FTSE losing streak ends after mining gains and improved economic outlook

Britain’s leading shares rose yesterday as gains for miners and improved sentiment over global economic recovery more than offset weakness in bank stocks, after Standard Chartered results lagged expectations.

The FTSE 100 closed up 25.21 points, or 0.5 per cent, at 5,071.68, snapping a four-session losing streak.

Index moves were accentuated as volumes remained light, with the index trading just 69 per cent of its average 90 day volume.

“Trading has been lacklustre to say the least,” said Jimmy Yates, head of equities at CMC Markets.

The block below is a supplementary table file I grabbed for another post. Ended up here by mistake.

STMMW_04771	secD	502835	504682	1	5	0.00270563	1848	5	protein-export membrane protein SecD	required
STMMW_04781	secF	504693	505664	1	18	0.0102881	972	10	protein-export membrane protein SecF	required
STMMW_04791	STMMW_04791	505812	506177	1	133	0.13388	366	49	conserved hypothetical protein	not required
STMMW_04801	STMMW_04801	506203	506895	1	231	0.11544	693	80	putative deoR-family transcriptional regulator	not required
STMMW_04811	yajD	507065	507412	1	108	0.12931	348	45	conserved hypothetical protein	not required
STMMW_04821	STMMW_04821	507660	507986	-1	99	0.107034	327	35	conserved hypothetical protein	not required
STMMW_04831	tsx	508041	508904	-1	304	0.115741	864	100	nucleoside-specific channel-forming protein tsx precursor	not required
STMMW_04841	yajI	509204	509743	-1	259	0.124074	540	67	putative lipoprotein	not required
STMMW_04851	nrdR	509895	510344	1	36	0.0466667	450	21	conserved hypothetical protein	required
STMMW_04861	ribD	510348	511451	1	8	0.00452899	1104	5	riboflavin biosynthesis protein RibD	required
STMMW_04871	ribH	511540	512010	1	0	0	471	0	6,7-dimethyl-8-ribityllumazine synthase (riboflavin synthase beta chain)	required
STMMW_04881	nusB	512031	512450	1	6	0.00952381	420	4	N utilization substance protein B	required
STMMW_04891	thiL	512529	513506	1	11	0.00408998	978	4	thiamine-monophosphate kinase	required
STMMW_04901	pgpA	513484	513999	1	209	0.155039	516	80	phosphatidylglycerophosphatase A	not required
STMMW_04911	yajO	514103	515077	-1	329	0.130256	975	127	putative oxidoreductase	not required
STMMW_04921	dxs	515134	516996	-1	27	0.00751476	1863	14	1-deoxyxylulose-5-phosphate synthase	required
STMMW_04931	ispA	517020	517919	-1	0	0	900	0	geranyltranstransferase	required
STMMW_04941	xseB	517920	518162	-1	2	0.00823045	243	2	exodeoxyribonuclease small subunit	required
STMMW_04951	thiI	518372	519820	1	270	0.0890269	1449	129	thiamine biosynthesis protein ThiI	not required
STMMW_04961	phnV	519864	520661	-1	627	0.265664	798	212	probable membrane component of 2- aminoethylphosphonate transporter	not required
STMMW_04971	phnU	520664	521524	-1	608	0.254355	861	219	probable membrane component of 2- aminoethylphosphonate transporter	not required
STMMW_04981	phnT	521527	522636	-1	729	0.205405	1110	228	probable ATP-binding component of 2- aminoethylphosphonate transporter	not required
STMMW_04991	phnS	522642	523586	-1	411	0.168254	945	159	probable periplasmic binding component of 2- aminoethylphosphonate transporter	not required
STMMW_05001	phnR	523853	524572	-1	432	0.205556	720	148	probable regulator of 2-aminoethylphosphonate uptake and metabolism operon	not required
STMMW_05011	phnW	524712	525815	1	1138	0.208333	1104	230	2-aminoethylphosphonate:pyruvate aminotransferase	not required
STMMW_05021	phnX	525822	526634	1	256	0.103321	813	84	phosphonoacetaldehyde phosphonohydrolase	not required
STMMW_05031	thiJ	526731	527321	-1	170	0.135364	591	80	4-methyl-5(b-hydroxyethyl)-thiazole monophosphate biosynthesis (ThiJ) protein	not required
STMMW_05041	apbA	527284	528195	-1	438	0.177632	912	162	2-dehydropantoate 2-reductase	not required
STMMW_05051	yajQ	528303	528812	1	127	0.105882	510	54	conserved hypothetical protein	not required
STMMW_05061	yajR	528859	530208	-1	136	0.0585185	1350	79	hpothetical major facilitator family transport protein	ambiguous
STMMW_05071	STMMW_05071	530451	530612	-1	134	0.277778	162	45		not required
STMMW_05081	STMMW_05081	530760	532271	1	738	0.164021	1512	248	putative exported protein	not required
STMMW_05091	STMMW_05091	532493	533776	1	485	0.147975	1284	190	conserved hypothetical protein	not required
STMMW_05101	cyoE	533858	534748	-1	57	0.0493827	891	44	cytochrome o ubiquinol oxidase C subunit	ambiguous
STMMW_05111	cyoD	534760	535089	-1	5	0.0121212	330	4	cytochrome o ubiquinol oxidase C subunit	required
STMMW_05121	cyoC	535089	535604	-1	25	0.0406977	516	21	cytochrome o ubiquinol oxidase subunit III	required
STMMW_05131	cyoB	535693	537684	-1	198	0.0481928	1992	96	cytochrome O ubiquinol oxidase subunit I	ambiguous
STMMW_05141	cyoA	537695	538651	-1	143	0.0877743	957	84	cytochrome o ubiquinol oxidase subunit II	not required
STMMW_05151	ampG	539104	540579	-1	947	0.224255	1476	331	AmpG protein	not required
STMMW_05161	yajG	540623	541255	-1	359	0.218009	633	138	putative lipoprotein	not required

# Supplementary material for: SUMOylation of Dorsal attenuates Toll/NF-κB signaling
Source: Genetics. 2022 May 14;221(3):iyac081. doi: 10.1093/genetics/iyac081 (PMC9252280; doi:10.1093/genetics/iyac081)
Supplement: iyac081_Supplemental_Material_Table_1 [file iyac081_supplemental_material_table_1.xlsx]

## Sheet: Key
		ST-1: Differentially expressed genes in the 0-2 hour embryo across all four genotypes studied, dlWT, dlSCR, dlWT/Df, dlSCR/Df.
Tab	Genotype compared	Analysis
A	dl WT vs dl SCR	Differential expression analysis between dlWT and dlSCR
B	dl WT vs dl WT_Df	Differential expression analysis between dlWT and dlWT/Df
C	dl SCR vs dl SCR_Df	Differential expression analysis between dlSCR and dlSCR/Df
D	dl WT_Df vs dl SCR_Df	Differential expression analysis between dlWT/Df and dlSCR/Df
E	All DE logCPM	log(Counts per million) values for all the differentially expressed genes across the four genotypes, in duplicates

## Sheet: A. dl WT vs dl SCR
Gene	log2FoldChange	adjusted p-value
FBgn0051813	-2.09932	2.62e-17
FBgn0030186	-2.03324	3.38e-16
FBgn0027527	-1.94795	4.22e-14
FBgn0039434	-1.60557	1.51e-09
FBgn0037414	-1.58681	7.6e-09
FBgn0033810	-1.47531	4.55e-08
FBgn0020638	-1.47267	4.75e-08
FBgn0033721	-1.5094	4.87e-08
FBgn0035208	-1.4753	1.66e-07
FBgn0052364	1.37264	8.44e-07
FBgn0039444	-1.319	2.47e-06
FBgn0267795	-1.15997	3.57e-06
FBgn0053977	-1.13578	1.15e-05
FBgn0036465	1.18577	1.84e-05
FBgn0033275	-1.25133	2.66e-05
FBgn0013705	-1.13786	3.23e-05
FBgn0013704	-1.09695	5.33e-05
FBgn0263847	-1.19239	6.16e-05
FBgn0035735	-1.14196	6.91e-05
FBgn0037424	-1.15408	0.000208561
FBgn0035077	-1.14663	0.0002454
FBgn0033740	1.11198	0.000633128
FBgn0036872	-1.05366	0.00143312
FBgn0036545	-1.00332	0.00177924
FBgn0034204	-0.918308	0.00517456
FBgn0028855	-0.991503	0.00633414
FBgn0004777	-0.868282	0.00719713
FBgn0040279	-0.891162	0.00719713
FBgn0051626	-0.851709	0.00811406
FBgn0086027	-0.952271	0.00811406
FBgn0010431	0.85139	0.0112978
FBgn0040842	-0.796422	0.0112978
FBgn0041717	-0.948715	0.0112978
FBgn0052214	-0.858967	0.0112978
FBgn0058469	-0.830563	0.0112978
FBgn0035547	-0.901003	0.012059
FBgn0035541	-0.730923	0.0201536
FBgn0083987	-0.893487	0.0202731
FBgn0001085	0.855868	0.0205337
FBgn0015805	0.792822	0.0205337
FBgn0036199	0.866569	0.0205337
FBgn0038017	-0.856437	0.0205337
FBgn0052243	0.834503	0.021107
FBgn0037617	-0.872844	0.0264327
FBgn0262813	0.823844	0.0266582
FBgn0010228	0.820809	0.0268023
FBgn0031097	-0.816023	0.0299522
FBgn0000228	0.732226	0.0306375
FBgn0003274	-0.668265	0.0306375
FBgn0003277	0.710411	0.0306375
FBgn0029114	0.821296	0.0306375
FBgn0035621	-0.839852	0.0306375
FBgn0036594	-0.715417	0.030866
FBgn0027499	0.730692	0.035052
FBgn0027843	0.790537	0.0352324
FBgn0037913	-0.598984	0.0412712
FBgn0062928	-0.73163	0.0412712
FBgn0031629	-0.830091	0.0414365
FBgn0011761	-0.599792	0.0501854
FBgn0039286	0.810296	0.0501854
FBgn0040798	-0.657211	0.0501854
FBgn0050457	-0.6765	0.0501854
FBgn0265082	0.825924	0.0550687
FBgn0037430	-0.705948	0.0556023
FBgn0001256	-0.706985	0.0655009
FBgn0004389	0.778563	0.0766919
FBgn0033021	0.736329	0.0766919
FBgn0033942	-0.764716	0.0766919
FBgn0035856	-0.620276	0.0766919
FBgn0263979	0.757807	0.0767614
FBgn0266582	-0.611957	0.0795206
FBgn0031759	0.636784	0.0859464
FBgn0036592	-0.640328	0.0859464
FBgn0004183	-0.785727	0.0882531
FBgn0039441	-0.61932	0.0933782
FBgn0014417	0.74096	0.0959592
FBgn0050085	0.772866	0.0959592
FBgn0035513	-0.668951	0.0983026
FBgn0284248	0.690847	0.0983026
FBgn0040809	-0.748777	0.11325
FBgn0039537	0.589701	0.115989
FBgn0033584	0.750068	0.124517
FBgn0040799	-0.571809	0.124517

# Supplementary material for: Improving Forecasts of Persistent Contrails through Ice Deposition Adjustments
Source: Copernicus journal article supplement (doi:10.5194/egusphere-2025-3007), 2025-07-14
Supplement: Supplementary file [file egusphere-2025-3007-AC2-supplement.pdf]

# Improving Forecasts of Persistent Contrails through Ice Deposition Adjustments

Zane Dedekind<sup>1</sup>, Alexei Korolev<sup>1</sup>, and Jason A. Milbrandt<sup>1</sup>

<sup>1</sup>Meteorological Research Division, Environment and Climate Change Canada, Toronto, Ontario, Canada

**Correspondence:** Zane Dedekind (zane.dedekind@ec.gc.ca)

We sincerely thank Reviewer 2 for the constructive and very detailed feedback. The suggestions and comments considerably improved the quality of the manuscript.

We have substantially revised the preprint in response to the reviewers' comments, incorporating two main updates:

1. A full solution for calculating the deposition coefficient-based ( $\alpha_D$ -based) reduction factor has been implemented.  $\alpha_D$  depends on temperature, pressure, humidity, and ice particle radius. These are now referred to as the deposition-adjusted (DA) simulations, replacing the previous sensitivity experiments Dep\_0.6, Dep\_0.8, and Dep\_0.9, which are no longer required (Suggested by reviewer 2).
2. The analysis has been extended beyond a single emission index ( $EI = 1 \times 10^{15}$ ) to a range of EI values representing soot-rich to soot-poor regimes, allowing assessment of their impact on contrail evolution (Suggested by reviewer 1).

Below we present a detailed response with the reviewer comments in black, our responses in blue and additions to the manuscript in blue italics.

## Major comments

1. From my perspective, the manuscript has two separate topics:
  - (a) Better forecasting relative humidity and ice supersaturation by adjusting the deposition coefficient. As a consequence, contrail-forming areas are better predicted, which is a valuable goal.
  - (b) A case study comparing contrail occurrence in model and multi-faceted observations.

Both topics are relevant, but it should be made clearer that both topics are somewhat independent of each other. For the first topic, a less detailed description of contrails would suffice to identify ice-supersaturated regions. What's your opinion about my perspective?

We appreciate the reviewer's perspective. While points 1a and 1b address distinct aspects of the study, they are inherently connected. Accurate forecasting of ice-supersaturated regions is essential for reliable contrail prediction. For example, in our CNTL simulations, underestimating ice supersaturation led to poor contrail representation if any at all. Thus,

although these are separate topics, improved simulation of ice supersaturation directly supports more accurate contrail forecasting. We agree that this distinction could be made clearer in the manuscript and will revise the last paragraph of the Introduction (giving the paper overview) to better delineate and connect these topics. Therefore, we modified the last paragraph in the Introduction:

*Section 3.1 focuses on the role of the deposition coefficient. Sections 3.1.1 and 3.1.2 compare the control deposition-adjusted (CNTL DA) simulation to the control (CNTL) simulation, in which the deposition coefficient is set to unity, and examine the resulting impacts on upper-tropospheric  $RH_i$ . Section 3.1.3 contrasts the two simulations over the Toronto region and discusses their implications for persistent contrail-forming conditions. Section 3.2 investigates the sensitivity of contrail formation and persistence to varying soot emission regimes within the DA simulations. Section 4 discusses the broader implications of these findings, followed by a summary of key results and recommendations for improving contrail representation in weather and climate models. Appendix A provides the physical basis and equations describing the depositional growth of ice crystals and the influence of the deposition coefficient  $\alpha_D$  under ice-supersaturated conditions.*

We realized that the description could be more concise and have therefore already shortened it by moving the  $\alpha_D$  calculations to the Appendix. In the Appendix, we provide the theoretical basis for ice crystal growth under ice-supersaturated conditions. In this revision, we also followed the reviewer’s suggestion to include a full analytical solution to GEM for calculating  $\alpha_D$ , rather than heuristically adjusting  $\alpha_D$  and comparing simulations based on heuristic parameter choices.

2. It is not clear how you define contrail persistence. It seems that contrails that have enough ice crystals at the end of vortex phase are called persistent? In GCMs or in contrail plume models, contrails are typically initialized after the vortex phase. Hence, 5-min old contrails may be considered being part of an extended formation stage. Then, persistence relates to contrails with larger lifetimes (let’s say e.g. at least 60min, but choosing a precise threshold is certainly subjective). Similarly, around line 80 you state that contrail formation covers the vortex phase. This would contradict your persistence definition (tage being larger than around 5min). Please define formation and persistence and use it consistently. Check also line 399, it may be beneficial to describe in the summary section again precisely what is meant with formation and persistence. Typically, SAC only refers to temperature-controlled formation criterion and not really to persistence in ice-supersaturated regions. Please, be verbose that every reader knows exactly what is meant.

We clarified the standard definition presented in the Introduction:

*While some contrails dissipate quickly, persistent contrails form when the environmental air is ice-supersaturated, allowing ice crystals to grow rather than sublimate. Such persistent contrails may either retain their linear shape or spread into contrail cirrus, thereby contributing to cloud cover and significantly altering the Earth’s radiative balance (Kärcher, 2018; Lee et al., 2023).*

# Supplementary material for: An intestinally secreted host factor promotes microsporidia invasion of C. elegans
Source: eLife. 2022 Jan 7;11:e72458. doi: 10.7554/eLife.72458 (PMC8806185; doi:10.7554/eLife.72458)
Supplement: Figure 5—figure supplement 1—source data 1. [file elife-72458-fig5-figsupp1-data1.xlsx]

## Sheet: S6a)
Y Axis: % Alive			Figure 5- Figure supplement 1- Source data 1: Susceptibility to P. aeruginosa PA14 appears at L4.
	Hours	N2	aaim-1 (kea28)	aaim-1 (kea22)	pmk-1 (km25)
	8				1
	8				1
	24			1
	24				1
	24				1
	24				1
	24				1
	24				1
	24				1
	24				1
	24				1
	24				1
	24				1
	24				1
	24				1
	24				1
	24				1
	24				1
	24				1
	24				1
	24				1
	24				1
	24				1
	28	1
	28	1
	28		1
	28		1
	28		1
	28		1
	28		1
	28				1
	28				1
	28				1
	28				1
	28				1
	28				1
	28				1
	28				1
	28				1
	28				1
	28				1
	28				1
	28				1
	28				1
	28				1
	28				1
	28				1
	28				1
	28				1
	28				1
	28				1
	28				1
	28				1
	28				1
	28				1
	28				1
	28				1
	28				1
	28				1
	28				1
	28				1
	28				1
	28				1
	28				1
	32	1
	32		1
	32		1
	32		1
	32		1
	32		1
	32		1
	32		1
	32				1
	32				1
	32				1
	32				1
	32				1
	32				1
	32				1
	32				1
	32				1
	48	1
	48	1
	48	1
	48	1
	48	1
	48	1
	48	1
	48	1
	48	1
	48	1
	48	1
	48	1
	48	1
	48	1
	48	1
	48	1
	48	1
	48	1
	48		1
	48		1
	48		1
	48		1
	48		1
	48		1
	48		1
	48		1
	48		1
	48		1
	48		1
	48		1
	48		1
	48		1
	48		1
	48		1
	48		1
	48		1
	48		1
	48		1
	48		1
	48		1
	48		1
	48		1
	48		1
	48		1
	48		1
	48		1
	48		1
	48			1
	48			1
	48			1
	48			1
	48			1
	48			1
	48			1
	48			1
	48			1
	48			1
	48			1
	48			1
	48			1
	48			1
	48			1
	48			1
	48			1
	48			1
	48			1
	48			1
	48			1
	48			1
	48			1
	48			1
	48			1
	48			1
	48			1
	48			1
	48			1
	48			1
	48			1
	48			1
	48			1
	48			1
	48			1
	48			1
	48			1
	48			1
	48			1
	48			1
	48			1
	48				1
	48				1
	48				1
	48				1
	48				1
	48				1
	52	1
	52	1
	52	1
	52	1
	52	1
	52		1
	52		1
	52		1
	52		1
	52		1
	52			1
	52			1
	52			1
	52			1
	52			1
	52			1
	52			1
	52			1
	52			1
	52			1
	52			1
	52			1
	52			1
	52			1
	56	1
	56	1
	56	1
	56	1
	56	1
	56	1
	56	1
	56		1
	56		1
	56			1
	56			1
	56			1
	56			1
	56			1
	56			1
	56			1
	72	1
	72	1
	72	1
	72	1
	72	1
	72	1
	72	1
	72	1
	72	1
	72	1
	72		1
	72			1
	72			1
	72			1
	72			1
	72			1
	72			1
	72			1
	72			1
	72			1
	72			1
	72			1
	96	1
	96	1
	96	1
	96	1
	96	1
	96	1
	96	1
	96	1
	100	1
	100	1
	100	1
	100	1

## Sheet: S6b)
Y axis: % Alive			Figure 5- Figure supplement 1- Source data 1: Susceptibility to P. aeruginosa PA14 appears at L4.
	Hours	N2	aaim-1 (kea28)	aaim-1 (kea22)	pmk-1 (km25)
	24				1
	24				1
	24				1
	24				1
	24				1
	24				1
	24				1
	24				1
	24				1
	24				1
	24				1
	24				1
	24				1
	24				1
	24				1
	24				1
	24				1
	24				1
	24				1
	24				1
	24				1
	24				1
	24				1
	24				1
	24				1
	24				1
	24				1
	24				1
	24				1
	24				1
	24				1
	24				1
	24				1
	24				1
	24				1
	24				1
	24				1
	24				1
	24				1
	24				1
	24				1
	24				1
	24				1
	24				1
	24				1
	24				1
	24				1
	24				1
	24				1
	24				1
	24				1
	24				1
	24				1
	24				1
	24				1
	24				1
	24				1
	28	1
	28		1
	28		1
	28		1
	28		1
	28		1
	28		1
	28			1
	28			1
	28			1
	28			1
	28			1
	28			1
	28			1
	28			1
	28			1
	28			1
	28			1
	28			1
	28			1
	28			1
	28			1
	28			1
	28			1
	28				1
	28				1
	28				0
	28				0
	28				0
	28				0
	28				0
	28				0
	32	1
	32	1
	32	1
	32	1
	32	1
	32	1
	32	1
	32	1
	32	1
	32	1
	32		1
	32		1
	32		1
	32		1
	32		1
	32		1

“Investors have looked for value in mining stocks after their recent weakness, and while there were no real shocks at the G20 meeting, the countries appeared to put on a united front on combating deficit problems, providing a glint of optimism that the global recovery won’t be stifled.”

“Mining stocks gained having fallen as much as 9 per cent over the last four days, and along with base metal prices firming as copper climbed towards its highest level in almost a month yesterday.

Fresnillo rose 4.9 per cent, topping the risers chart, while Antofagasta and Anglo American rose 2.5 and 2.2 percent, respectively.

Leaders of the Group of 20 leading countries papered over differences on the balance between reviving economic growth and cutting budget deficits at weekend talks in Toronto, leaving room for each country to move at its own pace and adopt “differentiated and tailored” policies.

Integrated oils were higher as a sector, boosted by a 1.2 per cent gain from BP, rebounding slightly from the 14-year low hit on Friday.